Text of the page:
Garcia presses Pentagon for action on veterans discharged under 'Don't ask, Don't tell'



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Rep. Robert Garcia (D-Calif.) pressed the Pentagon for action on veterans discharged under “Don’t Ask, Don’t Tell” in a letter earlier this week.

“Our service members made the ultimate sacrifice to defend our country. ‘Don’t Ask, Don’t Tell’ was a policy that should have never existed in the first place, but we’re unfortunately still feeling the repercussions of it to this day,” Garcia said in a press release on the letter. 

“Now, the Department of Defense has the responsibility to uplift LGBTQ+ veterans who were previously degraded because of their sexuality,” Garcia continued.

Garcia was joined in the letter by fellow Congressional Equality Caucus members Reps. Mark Pocan (D-Wis.) and Chris Pappas (D-N.H.). In the letter addressed to Secretary of Defense Lloyd Austin, the lawmakers note that a significant amount of veterans separated under the “Homosexual Conduct” policy from 1980 to the repeal of “Don’t Ask, Don’t Tell” (DADT) over 10 years ago did not receive honorable discharges.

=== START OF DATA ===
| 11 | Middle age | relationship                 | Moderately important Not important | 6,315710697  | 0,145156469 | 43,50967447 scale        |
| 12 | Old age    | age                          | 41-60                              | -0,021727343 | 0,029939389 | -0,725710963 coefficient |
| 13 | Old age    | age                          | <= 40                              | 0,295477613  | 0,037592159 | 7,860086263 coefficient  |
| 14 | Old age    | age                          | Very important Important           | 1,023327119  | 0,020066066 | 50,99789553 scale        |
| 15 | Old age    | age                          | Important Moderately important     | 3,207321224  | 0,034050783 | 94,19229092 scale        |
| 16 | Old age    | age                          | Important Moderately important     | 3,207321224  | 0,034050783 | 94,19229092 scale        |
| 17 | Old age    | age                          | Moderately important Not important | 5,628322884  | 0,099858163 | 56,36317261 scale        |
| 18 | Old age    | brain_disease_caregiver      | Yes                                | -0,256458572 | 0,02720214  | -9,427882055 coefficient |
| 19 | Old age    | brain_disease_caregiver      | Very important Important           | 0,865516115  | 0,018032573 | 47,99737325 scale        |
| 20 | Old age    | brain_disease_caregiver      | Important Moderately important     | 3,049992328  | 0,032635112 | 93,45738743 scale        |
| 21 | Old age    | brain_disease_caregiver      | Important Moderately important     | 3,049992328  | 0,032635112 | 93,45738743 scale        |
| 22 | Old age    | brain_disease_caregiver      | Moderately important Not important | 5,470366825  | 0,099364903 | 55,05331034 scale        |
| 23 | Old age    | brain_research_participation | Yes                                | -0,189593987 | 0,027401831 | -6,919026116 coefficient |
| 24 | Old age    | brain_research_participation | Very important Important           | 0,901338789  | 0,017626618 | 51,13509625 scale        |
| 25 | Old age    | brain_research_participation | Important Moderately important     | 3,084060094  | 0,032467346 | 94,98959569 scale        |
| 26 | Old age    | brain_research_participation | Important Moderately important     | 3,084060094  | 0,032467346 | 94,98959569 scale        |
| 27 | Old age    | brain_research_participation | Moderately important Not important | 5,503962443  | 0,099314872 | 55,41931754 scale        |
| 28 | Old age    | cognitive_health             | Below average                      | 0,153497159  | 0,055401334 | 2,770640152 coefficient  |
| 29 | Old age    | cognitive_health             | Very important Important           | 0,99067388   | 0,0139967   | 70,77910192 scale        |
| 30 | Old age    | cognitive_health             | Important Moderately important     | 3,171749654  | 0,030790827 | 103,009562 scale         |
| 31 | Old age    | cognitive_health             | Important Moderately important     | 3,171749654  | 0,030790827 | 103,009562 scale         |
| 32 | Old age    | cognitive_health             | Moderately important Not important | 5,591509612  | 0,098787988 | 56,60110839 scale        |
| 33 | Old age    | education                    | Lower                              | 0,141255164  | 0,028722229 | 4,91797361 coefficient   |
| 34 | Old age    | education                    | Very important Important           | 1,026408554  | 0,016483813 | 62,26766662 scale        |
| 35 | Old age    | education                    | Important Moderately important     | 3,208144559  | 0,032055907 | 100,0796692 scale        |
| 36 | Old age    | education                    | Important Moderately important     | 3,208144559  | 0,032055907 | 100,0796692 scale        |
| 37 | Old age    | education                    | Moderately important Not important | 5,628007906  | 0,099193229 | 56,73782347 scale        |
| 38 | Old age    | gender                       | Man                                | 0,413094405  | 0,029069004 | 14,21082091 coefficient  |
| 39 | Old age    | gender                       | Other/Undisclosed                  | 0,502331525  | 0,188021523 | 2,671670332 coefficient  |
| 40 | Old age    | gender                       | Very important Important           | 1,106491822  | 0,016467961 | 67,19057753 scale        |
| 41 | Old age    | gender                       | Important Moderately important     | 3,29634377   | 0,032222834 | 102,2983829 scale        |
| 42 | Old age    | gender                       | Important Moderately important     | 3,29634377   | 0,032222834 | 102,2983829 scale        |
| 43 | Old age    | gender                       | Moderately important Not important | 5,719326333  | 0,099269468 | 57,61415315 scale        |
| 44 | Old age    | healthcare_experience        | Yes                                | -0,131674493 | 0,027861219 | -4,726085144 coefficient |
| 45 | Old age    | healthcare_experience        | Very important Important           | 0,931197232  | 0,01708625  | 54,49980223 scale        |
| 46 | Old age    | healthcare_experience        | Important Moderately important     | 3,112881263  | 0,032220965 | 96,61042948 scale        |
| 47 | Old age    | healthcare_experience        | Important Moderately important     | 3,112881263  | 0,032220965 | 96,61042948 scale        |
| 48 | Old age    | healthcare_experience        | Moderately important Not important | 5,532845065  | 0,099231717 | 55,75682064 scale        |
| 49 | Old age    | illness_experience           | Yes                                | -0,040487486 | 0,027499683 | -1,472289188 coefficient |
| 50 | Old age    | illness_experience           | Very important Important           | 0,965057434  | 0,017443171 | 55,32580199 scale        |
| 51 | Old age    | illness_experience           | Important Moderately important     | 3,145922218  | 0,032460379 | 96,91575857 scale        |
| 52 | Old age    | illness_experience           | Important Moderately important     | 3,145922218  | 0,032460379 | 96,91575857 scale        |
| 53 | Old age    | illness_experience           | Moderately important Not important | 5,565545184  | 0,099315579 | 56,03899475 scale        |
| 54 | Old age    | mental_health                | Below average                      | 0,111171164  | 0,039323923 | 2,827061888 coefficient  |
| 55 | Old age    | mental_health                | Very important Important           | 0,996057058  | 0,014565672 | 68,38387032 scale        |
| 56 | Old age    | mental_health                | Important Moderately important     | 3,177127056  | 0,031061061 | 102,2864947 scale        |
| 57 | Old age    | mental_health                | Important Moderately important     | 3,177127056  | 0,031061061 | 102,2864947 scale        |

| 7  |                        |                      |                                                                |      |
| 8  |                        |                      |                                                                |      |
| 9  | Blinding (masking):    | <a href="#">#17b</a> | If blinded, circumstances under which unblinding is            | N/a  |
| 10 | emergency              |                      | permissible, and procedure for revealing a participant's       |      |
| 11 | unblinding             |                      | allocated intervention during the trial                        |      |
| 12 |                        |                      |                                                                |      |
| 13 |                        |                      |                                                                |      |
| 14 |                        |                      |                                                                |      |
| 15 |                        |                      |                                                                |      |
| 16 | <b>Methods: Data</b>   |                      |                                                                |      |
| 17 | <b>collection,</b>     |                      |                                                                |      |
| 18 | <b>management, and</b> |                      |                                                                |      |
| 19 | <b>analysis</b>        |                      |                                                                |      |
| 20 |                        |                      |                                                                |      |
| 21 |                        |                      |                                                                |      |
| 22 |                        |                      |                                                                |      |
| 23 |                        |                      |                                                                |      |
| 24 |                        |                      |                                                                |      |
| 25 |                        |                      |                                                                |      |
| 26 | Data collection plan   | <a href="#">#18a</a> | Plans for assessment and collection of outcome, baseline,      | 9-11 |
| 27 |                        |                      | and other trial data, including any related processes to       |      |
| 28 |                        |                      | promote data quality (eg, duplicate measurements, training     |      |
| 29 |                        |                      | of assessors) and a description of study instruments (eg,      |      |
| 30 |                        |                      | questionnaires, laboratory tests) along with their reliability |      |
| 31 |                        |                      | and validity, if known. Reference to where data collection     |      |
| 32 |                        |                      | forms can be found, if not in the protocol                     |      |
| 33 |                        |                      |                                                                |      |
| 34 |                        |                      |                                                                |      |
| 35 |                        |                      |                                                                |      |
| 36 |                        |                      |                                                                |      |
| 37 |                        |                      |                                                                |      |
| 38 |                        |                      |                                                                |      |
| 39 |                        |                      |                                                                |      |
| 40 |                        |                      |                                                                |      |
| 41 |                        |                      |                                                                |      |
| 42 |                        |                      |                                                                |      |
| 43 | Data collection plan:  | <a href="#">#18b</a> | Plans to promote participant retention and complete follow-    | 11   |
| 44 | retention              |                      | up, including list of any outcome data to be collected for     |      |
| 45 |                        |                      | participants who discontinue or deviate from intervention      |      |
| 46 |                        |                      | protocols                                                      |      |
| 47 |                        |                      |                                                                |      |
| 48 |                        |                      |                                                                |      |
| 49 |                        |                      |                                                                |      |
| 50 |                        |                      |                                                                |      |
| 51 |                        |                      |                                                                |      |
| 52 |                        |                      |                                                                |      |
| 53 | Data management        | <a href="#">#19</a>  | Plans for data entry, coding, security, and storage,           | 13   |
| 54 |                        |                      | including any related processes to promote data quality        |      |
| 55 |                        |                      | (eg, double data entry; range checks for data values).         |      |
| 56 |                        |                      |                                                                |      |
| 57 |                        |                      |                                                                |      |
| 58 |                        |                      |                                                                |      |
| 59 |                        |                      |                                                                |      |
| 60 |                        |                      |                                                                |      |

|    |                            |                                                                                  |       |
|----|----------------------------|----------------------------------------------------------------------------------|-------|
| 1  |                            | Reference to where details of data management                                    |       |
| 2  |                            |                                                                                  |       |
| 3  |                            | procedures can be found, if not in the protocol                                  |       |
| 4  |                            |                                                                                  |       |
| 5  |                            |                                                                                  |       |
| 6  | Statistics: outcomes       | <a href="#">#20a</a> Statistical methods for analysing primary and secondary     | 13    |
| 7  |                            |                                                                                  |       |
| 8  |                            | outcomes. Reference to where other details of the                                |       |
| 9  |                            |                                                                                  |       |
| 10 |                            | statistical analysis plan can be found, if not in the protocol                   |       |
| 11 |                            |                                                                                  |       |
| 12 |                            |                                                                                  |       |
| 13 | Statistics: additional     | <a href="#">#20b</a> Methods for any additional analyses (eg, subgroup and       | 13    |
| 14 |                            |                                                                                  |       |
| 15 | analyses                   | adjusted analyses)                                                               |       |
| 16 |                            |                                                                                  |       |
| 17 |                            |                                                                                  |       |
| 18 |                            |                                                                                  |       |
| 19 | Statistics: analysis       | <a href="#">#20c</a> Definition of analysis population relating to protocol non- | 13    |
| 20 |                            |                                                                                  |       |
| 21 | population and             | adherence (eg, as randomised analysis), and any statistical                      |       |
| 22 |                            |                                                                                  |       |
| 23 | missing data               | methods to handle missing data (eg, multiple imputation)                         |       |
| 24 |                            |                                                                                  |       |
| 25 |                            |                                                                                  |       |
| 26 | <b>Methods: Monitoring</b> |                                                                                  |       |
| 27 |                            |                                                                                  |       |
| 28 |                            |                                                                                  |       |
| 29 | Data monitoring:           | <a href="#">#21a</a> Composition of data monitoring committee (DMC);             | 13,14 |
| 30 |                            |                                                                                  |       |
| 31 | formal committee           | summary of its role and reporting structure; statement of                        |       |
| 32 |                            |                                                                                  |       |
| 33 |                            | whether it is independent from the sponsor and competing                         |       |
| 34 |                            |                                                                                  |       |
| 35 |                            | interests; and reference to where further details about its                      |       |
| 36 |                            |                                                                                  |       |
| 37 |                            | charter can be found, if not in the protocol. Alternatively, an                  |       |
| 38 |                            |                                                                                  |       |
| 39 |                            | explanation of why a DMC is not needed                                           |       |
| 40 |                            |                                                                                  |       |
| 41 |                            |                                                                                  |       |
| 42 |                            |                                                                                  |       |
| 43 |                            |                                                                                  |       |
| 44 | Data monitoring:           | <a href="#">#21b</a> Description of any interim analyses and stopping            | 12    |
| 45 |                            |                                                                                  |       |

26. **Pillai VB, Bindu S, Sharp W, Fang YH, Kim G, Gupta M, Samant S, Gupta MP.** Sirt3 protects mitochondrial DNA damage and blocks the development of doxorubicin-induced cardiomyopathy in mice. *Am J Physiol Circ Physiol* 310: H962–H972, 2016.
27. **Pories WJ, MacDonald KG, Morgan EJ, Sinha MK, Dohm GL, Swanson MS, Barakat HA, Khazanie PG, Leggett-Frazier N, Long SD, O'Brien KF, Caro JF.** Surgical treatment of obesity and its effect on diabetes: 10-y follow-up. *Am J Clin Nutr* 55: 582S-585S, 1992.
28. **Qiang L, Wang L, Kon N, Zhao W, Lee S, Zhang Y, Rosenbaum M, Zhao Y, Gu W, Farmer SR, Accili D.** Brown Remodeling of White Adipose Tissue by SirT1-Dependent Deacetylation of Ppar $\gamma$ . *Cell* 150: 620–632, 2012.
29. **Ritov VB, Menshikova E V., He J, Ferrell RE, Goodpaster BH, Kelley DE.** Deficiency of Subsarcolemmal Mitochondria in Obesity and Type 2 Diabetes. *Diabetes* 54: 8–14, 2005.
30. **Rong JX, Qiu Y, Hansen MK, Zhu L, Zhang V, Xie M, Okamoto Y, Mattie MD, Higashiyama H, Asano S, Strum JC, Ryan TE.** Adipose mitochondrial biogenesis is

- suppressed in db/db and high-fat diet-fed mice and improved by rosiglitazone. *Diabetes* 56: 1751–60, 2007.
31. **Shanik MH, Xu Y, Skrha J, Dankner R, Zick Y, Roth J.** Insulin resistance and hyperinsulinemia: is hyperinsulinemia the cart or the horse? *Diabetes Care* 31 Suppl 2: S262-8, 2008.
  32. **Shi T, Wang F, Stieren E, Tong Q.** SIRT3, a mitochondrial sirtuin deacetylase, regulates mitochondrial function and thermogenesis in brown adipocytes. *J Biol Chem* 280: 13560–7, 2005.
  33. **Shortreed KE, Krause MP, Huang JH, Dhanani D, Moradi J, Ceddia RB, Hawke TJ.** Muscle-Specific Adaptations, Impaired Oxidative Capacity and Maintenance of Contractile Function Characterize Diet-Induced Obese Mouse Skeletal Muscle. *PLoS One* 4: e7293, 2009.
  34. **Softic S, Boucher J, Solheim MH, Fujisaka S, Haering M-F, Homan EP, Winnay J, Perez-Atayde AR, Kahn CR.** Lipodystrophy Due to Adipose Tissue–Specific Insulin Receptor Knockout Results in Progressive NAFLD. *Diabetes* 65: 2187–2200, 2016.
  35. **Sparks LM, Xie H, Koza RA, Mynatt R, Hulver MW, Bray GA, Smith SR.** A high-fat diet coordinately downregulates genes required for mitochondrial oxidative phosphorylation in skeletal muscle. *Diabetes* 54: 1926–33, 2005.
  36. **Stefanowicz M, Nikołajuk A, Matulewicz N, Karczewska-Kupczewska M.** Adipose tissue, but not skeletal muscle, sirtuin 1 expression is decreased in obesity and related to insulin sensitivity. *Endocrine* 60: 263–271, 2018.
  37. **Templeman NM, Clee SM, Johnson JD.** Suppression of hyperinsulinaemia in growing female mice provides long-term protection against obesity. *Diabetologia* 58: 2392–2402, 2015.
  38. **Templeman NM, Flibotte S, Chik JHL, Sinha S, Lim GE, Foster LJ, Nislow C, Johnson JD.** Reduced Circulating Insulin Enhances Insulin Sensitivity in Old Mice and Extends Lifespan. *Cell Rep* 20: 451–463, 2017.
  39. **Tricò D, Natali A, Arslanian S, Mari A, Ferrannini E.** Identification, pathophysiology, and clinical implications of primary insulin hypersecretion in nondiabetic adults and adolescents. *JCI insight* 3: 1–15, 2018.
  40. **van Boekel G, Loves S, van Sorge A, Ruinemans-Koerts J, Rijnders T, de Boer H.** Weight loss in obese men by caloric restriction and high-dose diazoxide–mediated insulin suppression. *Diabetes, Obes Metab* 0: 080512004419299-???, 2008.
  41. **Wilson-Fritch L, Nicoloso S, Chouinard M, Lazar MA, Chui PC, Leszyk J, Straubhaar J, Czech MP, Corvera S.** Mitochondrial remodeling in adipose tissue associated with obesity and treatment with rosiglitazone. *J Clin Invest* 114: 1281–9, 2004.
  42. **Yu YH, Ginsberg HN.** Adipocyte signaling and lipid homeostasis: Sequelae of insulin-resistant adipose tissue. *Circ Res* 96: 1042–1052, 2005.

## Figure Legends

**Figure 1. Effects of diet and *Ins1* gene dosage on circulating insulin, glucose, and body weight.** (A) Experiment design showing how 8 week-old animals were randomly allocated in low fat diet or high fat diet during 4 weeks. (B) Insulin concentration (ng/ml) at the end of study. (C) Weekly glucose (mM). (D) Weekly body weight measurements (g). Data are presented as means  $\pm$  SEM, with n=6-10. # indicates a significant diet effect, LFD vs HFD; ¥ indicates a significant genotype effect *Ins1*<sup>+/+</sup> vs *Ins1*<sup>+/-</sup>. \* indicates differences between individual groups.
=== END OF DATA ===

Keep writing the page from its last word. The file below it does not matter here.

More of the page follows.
“Advocates and historians have estimated that since World War II until repeal, some 114,000 soldiers, sailors, airmen, and marines were discharged because of who they loved – many with less than honorable discharges that endangered future job prospects, home ownership loans, educational opportunities, and health and disability veterans’ benefits,” the letter reads. 

The lawmakers also requested information including “any statutory limitations that affect the ability of the Department to complete the proactive review of records, or the ability to upgrade discharges to honorable status” and figures for “total applications received to correct the records of individuals charged under DADT or a similar previous policy” in the letter.

“However, since DADT repeal, many veterans who sought to upgrade their less than honorable discharges reported a prolonged and burdensome process, often requiring the use of a lawyer, to seek the respect and benefits they rightfully earned,” the letter reads. “And far too many veterans discharged under DADT had no idea they could seek an upgrade or where to start the process.”

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